Her grandfather built up the family ranch over the years and more land was added. "Then my dad and uncle bought it from my grandfather. They ran it together then split it in 1979 and made two separate operations. That's when my husband and I came back to the ranch, after ten years working for other people," she says. Her parents are both gone.
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The Double O Ranch runs mostly black cattle and uses Charolais bulls as a terminal cross. "We use Angus bulls on heifers and keep our replacements from those calves. People can't believe we calve as late as we do and still wean 600 pound calves by November. This area has good grass. Some people don't think it amounts to much because it's not lush and green, but this native grass has more potency than tame pastures," she explains.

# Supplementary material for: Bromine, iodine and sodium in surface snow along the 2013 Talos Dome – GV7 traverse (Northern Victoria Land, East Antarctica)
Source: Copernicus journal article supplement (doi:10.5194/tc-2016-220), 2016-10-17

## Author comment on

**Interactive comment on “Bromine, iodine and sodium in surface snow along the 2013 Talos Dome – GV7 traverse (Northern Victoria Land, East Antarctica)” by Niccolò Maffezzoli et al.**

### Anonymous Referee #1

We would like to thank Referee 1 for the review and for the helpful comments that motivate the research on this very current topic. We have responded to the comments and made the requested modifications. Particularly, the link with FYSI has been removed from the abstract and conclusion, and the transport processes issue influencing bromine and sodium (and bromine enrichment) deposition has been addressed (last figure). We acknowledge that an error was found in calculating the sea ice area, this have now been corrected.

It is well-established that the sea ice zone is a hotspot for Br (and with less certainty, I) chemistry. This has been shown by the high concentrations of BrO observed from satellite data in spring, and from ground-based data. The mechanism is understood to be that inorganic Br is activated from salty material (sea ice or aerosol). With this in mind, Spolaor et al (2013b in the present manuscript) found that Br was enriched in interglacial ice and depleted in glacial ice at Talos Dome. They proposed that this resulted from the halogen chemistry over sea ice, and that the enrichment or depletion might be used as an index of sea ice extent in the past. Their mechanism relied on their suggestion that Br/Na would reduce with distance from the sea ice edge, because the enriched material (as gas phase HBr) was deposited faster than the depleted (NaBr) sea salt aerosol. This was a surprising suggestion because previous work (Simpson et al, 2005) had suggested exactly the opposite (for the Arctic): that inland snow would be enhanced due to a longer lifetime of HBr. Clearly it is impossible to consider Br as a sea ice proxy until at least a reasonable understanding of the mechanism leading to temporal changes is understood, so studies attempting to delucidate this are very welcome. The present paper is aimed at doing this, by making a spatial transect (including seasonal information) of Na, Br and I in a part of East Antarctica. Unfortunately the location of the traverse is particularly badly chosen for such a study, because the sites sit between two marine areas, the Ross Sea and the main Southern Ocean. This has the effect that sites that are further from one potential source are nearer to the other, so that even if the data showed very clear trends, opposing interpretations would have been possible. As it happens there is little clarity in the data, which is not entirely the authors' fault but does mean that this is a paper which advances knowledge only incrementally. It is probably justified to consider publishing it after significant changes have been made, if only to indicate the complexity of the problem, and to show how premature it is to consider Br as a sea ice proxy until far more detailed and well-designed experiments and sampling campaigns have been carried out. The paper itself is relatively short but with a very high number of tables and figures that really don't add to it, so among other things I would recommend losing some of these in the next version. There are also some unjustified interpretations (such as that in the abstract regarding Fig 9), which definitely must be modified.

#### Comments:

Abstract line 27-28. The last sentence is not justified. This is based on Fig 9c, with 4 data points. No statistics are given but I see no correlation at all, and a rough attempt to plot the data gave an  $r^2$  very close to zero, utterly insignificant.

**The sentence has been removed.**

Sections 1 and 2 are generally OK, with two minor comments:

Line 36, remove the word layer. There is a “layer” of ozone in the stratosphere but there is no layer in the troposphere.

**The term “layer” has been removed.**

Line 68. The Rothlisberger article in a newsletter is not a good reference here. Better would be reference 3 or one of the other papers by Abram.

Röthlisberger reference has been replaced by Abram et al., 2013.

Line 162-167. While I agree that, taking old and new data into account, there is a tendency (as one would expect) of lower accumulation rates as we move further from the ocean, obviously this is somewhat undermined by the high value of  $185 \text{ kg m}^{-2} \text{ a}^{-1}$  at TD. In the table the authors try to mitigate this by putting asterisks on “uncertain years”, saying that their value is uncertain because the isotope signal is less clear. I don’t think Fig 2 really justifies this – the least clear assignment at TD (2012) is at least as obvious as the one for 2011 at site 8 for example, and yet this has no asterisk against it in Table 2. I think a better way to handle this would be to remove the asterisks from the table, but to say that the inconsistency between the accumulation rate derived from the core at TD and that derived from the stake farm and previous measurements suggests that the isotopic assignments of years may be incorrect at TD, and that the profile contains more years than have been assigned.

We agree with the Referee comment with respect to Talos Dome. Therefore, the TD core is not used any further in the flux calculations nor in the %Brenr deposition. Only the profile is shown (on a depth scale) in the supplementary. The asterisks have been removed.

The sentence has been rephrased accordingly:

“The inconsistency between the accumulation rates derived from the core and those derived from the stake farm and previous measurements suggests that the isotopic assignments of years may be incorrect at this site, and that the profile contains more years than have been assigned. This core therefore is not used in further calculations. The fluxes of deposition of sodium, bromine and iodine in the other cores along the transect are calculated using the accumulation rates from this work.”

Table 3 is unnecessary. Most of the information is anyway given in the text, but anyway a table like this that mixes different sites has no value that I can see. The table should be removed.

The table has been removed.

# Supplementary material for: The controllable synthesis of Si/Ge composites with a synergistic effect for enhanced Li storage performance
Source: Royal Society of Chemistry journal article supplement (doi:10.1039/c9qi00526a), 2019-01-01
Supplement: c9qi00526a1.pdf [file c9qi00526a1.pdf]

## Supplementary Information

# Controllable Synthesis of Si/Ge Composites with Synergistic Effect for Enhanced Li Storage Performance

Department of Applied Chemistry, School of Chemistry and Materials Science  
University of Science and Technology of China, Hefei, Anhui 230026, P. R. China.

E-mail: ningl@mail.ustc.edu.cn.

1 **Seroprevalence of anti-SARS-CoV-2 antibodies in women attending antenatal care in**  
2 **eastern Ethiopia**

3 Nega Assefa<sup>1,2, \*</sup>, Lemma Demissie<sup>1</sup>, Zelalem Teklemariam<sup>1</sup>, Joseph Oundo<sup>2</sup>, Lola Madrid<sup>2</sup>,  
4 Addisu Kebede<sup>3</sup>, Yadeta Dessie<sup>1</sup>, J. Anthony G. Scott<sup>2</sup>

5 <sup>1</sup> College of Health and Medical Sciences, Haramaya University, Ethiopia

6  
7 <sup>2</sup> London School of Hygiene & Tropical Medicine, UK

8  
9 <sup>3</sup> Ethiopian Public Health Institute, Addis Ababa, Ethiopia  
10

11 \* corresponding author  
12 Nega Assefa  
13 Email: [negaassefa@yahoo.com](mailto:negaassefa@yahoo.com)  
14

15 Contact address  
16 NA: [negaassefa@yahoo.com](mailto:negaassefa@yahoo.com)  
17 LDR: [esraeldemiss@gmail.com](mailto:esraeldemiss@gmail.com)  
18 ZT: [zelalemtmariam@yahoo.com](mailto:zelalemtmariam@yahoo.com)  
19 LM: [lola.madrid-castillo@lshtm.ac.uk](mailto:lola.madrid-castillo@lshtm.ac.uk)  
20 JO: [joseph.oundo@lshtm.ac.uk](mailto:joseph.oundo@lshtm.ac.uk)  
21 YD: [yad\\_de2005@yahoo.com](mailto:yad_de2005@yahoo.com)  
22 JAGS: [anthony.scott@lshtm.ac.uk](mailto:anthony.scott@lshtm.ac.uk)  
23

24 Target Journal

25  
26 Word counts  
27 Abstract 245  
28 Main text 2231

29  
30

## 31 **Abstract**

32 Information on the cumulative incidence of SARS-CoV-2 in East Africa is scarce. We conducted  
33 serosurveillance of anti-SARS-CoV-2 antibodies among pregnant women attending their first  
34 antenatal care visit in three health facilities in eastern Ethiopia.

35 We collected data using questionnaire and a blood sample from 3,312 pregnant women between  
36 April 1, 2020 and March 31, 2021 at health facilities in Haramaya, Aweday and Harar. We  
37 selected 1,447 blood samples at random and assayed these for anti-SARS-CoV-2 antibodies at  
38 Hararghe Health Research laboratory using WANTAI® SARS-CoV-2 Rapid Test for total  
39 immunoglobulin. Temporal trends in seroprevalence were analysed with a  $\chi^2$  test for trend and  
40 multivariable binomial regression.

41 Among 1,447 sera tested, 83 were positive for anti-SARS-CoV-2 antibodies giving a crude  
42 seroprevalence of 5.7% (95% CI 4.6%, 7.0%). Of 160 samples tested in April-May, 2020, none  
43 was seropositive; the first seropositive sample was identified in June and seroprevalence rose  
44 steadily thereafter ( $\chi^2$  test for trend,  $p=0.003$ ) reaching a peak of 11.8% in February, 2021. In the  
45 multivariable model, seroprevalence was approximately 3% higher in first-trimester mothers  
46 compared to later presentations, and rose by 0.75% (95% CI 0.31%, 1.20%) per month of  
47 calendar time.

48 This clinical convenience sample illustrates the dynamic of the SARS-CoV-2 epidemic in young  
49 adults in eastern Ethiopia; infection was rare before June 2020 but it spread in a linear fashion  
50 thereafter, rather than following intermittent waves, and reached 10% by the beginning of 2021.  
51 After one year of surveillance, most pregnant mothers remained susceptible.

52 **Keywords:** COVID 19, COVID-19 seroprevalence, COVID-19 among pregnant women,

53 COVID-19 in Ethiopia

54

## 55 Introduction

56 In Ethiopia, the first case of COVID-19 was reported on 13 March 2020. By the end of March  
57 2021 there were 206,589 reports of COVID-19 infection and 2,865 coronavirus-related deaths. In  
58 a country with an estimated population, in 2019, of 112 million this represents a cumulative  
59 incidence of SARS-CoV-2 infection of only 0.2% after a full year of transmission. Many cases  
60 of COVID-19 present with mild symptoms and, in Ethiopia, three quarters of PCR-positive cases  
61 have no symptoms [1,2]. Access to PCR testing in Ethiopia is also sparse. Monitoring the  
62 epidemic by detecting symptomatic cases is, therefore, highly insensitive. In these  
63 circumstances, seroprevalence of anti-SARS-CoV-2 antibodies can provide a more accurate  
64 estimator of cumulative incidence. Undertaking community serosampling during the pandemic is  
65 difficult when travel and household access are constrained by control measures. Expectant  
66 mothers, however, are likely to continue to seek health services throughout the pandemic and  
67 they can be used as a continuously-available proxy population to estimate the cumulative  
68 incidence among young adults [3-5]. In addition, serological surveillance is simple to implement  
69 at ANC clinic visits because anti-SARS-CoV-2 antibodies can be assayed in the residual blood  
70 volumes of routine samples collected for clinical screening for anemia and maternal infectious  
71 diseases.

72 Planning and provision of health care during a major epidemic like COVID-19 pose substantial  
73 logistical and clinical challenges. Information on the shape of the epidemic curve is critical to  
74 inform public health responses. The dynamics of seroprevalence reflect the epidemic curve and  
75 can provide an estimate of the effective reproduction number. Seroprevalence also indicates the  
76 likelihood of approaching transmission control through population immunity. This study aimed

The family does most of their cattle work horseback, and raises most of their own horses. "We've bought a few, but we break our own. We still have big community brandings where we all help each other. Calves are roped and dragged to the fire, with a crew vaccinating, tagging, castrating, and such. At shipping time we also help each other. We have good relationships with our neighbors and that means a lot out here."
Vicki and Darrell are in buesiness with her sister and husband. "They have one daughter on the ranch, with her family. The next generation is coming on, so it's now five generations."
The local museum has detailed history of the area, and the homesteads. A map was created with all of the original homesteads, names of the people and the year they proved up on the homesteads. "If someone has family who homesteaded here, they can find out exactly where it was. We've had people contact us, and we've taken them to where their ancestors homesteaded. There are three graves next to our ranch, and we took one man to show him where his great uncle was buried. We showed another fellow where his family was. The irises the family planted on the graves are still there."